Thursday, October 18, 2012

accentuate the positive

In perusing Facebook and blogs, parents seem to fall into one of two camps when speaking about their children:  glowing, beaming, can-do-no-wrong assessments of their kids or negative, disappointed, what's-wrong-with-my-offspring lamentations.  Of course we know that no child is all bad or all good.  Some are more exhausting and challenging than others.  And so much of it has simply to do with the parent's perspective! 

For instance, if you struggled with infertility, finally got pregnant after years, had a scary pregnancy full of issues and specialists, and then finally had a baby who cried all the time and turned into a rambunctious toddler - you would probably still just be thanking God Almighty that you had the chance to bring this crazy person into the world.  It's all about your context and the life experience you bring to the table.

I have made no secret that I kind of fall into both camps.  Naturally, I think my child is special and unique and brilliant.  But she is also stubborn, can become fixated, frequently does naughty things just for attention, and already tries to boss me around.


She's starting her own small business and needed to make some contacts.
Here is a mental game I play with myself when I seem to be having an extra-challenging day on the toddler front.  It really hearkens back to a special kind of interpersonal management training that I received in working at a camp as a college student.  (Old-school MTOPpers, you will feel me on this!)  It's called the Strengths Deployment Inventory, or SDI.  It's a bit complicated, but the premise is this:  any strength can become overdone, in which case we call it a weakness.  For example, persistence can easily bleed into stubbornness.  Being direct can become domineering in a heartbeat.  And so on and so forth.

With Vicki, I do a special version of this schema where I think, How will this overdone strength benefit her as an adult?

For example:  she is unbearably persistent.  "No" does not mean "no" in her world.  "No" just means keep asking or trying until you can do what you want.  Someday, if I don't "break" her of this habit, she will be able to bore through any brick wall put in front of her relationally or professionally.

Thought her choice of a mule was so apropos! 
She is stubborn as one.
Regardless of whether I act warmly or icily toward her, because of the various happenings of the day, she consistently seeks out relationship.  She wants to be near me.  She wants to sit on my lap.  She wants to sit on my lap while I'm on the toilet.  You get the point.  Someday, she will seek intimacy and relationship with people over and over again, even when people reject her because of their own insecurities or issues (as I sometimes do).  That is beautiful to me. 

Isn't this fun??  It just makes me want to have a kaleidoscope I can peer into and see the future - just a glimpse.  When you have a "special" day with your toddler, try it out! 

How do you re-frame your expectations of toddler behavior?  How do you refocus when the day isn't going how you'd like?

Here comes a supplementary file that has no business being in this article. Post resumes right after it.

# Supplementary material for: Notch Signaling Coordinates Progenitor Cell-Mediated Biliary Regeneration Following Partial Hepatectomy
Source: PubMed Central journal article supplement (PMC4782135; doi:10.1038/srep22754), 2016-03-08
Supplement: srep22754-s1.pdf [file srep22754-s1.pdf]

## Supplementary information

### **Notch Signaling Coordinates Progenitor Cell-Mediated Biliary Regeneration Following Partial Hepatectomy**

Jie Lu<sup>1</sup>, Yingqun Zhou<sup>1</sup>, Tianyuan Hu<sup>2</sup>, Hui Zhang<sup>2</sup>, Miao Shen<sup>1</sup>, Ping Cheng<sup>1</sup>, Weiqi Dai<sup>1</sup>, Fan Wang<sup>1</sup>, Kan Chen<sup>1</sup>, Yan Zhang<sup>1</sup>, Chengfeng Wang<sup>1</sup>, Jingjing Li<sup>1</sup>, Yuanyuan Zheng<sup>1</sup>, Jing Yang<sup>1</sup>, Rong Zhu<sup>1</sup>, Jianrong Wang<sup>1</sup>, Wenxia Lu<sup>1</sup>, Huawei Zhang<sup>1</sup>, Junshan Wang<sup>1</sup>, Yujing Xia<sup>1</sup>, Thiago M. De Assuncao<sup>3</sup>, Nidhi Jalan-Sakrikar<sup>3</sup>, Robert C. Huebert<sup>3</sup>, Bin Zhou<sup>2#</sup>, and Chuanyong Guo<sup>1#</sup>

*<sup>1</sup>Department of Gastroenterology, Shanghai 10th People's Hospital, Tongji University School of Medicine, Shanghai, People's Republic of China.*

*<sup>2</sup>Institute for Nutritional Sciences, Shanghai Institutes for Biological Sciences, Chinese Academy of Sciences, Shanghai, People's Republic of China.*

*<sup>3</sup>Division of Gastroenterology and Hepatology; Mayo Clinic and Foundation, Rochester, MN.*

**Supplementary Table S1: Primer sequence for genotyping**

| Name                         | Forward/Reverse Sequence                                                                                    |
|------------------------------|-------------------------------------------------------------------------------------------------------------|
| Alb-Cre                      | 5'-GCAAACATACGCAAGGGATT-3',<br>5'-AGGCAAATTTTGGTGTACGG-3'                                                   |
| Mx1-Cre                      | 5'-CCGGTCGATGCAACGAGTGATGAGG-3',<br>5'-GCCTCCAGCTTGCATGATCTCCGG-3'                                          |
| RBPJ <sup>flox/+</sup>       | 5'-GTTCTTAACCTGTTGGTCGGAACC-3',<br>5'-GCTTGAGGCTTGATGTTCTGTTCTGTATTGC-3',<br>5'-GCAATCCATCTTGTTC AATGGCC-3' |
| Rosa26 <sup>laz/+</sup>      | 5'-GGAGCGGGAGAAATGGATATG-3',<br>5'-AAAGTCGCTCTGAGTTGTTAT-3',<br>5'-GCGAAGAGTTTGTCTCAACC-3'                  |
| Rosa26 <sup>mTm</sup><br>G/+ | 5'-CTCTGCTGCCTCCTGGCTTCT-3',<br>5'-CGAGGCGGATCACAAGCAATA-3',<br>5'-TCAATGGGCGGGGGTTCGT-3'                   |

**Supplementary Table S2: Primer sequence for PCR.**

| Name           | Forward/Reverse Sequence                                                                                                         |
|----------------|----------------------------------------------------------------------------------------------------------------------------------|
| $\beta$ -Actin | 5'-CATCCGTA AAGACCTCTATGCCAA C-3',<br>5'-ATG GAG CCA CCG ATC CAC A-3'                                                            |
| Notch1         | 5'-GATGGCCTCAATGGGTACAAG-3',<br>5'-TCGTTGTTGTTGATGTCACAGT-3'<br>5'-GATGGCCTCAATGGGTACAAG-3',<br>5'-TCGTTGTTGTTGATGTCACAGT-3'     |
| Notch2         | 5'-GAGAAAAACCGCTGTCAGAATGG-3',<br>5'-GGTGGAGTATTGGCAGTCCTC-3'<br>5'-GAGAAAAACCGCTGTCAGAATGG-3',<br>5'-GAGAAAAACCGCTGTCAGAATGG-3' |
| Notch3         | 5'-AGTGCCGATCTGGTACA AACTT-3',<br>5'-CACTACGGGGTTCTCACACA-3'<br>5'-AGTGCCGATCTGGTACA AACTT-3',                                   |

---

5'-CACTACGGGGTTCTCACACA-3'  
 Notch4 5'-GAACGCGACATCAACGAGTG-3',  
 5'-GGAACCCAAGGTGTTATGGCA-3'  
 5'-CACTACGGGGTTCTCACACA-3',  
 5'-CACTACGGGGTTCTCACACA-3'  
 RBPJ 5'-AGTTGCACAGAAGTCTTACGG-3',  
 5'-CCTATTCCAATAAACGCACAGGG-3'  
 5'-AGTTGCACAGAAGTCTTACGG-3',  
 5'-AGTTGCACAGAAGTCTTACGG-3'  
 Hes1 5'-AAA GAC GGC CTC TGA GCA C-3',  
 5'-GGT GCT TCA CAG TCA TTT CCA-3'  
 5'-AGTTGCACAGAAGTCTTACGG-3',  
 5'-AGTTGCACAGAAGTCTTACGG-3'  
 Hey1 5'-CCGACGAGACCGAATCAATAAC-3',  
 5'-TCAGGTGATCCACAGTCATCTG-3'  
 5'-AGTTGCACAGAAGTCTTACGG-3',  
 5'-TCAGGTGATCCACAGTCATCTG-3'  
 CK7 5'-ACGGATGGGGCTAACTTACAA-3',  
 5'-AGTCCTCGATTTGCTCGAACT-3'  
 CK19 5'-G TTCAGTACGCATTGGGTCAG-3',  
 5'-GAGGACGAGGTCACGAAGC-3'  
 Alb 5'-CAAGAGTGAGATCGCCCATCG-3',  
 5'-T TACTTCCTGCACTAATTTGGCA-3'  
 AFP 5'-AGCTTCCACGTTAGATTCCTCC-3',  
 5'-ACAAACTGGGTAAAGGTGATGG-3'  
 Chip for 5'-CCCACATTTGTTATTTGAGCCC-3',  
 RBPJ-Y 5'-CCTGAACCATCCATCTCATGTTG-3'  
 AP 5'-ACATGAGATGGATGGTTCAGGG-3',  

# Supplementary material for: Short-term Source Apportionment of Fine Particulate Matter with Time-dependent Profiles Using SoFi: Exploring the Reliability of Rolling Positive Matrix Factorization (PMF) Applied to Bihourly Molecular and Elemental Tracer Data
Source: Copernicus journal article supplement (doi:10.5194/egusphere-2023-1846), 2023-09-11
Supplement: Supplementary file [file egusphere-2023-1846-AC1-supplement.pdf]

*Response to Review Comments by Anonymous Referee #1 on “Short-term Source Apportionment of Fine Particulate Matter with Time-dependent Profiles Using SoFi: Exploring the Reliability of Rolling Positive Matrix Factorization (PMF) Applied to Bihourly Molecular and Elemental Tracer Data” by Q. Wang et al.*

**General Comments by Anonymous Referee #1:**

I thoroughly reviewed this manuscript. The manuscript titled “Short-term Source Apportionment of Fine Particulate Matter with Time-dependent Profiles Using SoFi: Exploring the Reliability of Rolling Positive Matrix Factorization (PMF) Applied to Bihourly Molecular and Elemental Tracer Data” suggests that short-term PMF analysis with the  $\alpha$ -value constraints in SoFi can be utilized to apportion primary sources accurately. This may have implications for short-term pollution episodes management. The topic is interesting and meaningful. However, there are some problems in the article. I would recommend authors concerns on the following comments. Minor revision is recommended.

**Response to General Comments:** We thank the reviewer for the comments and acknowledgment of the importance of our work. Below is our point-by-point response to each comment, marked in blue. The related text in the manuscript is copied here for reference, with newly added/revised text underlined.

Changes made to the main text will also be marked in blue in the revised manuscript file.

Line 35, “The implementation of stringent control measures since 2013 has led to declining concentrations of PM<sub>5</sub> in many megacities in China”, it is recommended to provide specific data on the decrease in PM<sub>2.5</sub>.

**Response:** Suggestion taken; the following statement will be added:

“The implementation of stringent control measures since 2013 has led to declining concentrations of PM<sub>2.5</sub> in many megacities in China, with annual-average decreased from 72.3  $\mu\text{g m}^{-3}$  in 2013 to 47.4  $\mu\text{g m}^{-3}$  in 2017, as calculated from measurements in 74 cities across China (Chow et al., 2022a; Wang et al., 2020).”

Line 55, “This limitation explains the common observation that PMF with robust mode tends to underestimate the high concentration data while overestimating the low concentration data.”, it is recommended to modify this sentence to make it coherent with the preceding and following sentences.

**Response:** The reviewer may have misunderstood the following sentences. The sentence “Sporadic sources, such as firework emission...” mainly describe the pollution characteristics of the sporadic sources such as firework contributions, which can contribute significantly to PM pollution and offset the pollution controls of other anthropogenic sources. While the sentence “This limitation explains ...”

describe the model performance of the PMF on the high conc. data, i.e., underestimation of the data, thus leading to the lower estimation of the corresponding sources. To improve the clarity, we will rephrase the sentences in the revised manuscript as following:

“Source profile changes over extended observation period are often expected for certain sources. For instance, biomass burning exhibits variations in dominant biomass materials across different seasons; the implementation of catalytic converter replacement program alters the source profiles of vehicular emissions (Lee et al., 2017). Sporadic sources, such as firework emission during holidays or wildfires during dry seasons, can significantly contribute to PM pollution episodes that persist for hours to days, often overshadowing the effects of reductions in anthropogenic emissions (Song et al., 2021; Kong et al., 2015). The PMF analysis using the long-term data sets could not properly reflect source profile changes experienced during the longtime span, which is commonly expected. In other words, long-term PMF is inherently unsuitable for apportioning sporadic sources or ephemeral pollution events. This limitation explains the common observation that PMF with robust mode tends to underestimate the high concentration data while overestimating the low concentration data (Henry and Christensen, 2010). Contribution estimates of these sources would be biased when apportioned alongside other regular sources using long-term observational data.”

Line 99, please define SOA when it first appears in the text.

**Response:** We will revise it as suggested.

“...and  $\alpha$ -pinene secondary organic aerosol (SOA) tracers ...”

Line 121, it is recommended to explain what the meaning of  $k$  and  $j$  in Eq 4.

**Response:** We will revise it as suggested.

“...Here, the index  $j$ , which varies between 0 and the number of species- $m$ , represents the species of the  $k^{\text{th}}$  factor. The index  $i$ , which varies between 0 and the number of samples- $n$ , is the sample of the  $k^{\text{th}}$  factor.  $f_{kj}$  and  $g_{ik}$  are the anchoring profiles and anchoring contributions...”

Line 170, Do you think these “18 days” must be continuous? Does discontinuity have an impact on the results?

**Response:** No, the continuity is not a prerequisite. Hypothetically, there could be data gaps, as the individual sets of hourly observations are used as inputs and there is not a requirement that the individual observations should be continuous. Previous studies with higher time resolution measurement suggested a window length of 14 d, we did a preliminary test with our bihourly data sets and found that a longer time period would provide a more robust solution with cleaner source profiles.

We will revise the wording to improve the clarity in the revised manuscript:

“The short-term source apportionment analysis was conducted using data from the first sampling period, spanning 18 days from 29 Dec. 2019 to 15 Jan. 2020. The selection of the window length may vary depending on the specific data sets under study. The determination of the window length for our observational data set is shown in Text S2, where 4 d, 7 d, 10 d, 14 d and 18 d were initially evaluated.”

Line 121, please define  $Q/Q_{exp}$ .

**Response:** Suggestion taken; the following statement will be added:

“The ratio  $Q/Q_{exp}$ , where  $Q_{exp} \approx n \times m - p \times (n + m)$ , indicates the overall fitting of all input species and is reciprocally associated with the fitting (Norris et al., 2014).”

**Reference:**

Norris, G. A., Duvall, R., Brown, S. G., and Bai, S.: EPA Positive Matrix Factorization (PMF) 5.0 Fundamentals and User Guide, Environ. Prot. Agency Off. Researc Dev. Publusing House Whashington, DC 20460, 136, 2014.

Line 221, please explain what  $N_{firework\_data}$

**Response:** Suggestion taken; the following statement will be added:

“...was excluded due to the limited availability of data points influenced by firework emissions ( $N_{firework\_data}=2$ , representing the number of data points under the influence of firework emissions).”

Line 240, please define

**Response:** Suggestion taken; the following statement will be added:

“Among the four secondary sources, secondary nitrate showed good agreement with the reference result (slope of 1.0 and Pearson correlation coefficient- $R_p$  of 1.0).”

6 comments:

Katie Rose said...

Loved this post. Although I have no children (does a dog count?), I think your SDI technique is genius. And for the record, my dog also tries to sit on my lap when I'm on the toilet.

Emily said...

Thanks! Yes, my dog also has her whole own set of overdone strengths involving neediness and anxiety. I do this with grown people too, all the time! It's fun.

Andrea said...

I would often tell myself while my child threw a temper tantrum or screamed for hours at a time (2-3 hours, usually) that this persistence will mean she will overcome many tough obstacles in life, and never give up.

Emily said...

Oh yes - the tantrums. They definitely make me think that she will never allow her voice to be drowned out by others in the room just because she is a pretty girl.

even one sparrow said...

Good questions. Oh man. It's so bizarre to read these types of post and have the sudden realization that yes -- I do indeed have a TODDLER and not a baby.

How do I reframe? I breathe. Seriously. My biggest battle with Gwen is changing her diaper. Even when she TELLS me she needs a diaper change, she will thrash and kick and try to throw herself off the changing table. I literally have to hold her down with my whole body weight to keep her from tumbling off, and just wait and breathe until she calms down. It's crazy.

And I pray. I pray that God gives us our daily bread -- meaning, the strength and patience I need, and the peace and obedience she needs.

Sesame Street also doesn't hurt on occasion. Or rather -- if I need some down time too -- we turn on Fraggle Rock. Brings back good memories. :)

Emily said...

Yep, I have recently started holding Vicki tightly in the midst of a tantrum. I just hold her and let her cry until she's done, while gently insisting that "it's time to cut our fingernails" or whatever it is that she is hating. It's actually a surprisngly effective way to help her get it out of her system, while feeling like I'm paying attention to her and being loving, not punishing.

Toddlers. They are insane.